However, this will only occur if there are incentives not to drive instituted as well. Currently, Albuquerque, like the vast majority of American cities, is filled with developments surrounded by large free parking lots. As the great Donald Shoup once said, "There is no such thing as free parking." We all pay the costs of an automobile oriented built society. These costs include high bike and pedestrian fatality rates and long distances between places.

Having great bike infrastructure is essential, but in some ways, good planning and land use should be far more crucial long term goals.

Saturday, May 8, 2010

Land Use AND Transportation: The Importance of Understanding the Connection

Sometimes, when people discuss transit and transportation, they discuss the issues of transportation as if they were separate from land use policy and zoning. The truth is, these two things are linked very closely.

For example, if you wanted to walk or bike to the store from your house, would you be more likely to use these modes if there were many multilane roads/highways to cross to get there? What if a bus stop you needed to access was located on the other side of an interstate? How likely would you be to use these modes?

Good luck getting across this by foot or by bike.

If we do not start to realize the link between land use and transportation, we are in for a rude awakening when gas prices begin to rise again. Luckily, the Obama administration recently announced that there would be a partnership developed between HUD and DOT to build "sustainable communities".

Though I doubt any fully sustainable communities will be created in the very near future, this partnership is a great first step towards developing walkable, bikable livable communities. Lower income housing should also be more closely developed in conjunction with transportation. A recent study, the Housing and Transportation Affordability Index, showed that affordability of housing goes way down in exurban areas when the cost of transportation is added in. Data for the Albuquerque metro region is here, and data for the Tucson metro region is here.

This link has been documented for years, but having this great new interactive data set will allow people to see the link between land use and transportation more closely.

Tuesday, May 4, 2010

Power to the People: Take Power from the States and Give It to the CITIES!

Today, I came across this great article from the site Next American City.

The article basically discusses the problem with federal money being distributed to state governments:
Indeed, the strength of state governments in making transportation decisions is one of the primary culprits for the highway-dependent state of the American landscape, in addition to the federal urban renewal policies and Interstate Highway legislation that are more typically singled out for blame. This fact comes to the serious detriment of metropolitan areas, which lack the fiscal ability and legal right to make full decisions about their transportation futures.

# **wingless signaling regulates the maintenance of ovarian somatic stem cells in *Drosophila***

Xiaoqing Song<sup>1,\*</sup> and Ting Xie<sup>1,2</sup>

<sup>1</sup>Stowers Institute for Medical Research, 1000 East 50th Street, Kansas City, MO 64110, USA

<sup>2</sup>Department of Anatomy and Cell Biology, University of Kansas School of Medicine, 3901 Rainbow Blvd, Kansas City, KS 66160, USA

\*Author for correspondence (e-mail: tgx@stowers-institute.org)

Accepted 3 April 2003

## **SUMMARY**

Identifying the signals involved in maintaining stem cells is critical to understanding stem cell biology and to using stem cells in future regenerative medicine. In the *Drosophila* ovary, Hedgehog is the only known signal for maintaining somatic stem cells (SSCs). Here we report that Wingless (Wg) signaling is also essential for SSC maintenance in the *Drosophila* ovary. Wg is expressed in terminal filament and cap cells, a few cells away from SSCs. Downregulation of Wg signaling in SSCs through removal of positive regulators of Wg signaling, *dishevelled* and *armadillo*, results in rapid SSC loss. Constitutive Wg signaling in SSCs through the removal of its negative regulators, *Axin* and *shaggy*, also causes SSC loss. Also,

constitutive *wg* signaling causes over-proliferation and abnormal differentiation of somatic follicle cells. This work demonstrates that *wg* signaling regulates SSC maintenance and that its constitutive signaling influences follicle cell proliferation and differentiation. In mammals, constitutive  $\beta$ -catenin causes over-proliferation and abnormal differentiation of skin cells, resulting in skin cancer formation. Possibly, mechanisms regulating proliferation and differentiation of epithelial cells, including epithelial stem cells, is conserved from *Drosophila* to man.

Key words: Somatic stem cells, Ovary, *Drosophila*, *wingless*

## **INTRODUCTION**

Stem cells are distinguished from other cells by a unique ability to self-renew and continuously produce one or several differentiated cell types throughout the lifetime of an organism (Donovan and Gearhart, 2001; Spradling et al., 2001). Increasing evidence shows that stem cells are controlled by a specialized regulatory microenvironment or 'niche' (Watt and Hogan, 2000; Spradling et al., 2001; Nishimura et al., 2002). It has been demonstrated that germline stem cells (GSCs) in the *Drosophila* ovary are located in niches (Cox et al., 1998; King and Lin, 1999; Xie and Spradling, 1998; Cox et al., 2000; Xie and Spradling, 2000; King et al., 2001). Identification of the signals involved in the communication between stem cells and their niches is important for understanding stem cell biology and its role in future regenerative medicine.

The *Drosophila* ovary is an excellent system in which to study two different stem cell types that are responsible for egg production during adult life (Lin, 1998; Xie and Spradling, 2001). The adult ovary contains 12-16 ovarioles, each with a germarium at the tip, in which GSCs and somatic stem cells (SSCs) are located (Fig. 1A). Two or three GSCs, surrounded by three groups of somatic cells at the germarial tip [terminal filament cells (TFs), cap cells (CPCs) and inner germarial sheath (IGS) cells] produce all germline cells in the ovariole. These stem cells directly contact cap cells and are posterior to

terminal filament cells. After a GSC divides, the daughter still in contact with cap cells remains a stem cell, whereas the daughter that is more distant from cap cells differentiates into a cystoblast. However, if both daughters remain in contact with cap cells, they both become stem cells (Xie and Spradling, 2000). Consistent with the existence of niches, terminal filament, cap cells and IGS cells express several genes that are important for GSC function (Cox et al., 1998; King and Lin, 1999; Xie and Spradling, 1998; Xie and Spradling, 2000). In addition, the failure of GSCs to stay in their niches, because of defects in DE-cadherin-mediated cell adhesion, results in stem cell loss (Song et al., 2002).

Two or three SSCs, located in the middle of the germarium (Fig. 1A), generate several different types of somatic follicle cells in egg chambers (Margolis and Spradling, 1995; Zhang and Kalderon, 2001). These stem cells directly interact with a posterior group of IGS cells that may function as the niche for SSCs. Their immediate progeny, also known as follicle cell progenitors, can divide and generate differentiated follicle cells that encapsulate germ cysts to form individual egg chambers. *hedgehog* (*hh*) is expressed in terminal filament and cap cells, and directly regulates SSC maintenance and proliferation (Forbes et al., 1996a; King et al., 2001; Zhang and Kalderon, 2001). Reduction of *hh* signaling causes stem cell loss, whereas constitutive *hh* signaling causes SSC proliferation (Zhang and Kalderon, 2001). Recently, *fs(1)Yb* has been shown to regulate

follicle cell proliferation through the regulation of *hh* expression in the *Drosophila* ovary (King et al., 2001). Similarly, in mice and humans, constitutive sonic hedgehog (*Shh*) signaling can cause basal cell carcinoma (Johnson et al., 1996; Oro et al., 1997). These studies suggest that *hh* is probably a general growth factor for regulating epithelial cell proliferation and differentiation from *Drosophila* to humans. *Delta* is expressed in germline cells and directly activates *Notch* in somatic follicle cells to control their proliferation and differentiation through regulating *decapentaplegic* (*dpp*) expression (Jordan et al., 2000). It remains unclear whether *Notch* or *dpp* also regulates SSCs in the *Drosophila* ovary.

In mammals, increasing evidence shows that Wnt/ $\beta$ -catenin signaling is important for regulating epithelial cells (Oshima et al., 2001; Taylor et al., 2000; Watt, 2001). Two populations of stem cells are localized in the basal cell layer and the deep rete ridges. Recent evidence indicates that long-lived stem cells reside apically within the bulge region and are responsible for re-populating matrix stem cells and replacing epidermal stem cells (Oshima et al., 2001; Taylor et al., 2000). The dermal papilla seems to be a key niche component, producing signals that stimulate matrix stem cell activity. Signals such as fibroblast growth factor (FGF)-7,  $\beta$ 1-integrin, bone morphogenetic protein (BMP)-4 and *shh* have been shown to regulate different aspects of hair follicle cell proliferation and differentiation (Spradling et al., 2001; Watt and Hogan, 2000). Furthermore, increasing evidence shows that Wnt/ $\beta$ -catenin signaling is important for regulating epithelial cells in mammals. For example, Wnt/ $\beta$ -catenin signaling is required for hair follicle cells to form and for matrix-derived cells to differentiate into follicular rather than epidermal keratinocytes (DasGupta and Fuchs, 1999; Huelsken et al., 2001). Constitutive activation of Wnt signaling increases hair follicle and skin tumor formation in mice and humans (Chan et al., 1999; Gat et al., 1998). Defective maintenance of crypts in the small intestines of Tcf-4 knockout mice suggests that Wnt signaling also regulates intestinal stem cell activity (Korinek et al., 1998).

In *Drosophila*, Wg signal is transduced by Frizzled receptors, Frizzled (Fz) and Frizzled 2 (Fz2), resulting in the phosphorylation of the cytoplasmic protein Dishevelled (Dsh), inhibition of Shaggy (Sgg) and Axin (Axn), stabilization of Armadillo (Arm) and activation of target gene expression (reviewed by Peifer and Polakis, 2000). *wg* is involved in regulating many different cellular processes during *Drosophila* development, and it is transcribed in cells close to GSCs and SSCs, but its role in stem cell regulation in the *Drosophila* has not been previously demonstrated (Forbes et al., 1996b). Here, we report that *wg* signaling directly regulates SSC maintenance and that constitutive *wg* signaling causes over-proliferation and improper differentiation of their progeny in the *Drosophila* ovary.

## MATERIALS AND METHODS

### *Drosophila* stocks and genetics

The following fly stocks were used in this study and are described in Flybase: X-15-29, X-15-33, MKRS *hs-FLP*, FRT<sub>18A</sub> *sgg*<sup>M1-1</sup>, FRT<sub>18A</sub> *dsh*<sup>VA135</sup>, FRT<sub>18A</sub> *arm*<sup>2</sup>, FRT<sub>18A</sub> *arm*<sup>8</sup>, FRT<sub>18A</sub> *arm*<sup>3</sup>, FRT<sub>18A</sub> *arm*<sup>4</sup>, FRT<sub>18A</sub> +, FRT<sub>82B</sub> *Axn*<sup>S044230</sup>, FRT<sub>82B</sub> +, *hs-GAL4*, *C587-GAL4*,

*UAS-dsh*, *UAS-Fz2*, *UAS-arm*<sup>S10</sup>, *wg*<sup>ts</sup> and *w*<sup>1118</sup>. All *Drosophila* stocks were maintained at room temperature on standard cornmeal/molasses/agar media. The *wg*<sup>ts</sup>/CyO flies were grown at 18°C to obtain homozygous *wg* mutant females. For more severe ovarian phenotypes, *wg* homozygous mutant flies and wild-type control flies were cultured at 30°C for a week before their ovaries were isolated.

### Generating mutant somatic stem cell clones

Why does this occur?
That’s because the politics of almost every state are dominated by rural and suburban constituents, or, in other words: car drivers. The urban transit users, pedestrians, and bike riders are typically at the back of the pack when it comes to representation.

The author of the article, Yonah Freemark, calls on Washington to "stem that state power". However, he offers no alternative way for distributing federal money. He seems to be in favor of the Feds having more power in distributing the money.
This issue is also covering in this blog.

I agree with Mr. Freemark: urban areas should have far more power. Money should not even be funneled in to the Feds in the first place; more tax money should be staying within localities. The amount of money each locality has would be based on the amount of economic activity occurring in each given metro area. In the case of money being distributed from a Federal level, it should work the same way: the more valuable the metro area to the economy, the more money it gets.

However, since I am talking about this issue purely from a transportation standpoint, I can see many problems with money being distributed in this manner. Since everything is so road and highway oriented, how could anyone guarantee all the money would not just be used for building new highways?

One solution could be the idea of Federal matching of funds: the more money localities would contribute to non-road projects, the more money would be provided by the Feds for transportation.

Overall though, the main point:
The Feds can not just keep throwing money at states for whatever transportation projects they want. State governments will continue to prioritize road and highway projects because that is the popular thing to do in many jurisdictions (especially the rural ones).

Let the majority be represented. Give urban areas far more political power.

Update (5/8): Here is another blog that discusses this very issue. It suggests giving the power to MPO's (Metropolitan Planning Agencies). All metro areas with a population above 50,000 are required to have MPO's, so it makes sense to distribute federal money through these organizations. In Albuquerque, the MPO is MRCOG, and in Tucson the MPO is PAG.

These groups do a lot of regional transportation planning, so it makes a lot of sense to give these agencies more money, and power.

Update 5/12: Here is great article about the history of road funding. It discusses how the acceleration of the car based transportation system led to money being taken from local control and given over to state and federal control. This [PDF] is the longer article that this previously linked article was summarizing.